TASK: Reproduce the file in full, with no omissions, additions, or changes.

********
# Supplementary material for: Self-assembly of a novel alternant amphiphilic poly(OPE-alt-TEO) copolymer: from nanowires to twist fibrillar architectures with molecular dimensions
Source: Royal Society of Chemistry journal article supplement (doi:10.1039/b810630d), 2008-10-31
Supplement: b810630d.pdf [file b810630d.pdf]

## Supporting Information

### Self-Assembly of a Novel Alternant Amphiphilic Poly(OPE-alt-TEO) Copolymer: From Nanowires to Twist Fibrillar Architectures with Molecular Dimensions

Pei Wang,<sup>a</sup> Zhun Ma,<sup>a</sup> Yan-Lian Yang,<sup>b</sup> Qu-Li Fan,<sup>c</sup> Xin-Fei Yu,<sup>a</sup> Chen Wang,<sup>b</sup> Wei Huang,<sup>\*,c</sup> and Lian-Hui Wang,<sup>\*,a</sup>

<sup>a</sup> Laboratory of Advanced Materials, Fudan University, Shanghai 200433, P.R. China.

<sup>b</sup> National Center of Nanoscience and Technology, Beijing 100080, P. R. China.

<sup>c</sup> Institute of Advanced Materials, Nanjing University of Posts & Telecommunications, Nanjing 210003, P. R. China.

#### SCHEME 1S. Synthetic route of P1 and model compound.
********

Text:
# Supplementary material for: Self-assembly of a novel alternant amphiphilic poly(OPE-alt-TEO) copolymer: from nanowires to twist fibrillar architectures with molecular dimensions
Source: Royal Society of Chemistry journal article supplement (doi:10.1039/b810630d), 2008-10-31
Supplement: b810630d.pdf [file b810630d.pdf]

## Supporting Information

### Self-Assembly of a Novel Alternant Amphiphilic Poly(OPE-alt-TEO) Copolymer: From Nanowires to Twist Fibrillar Architectures with Molecular Dimensions

Pei Wang,<sup>a</sup> Zhun Ma,<sup>a</sup> Yan-Lian Yang,<sup>b</sup> Qu-Li Fan,<sup>c</sup> Xin-Fei Yu,<sup>a</sup> Chen Wang,<sup>b</sup> Wei Huang,<sup>\*,c</sup> and Lian-Hui Wang,<sup>\*,a</sup>

<sup>a</sup> Laboratory of Advanced Materials, Fudan University, Shanghai 200433, P.R. China.

<sup>b</sup> National Center of Nanoscience and Technology, Beijing 100080, P. R. China.

<sup>c</sup> Institute of Advanced Materials, Nanjing University of Posts & Telecommunications, Nanjing 210003, P. R. China.

#### SCHEME 1S. Synthetic route of P1 and model compound.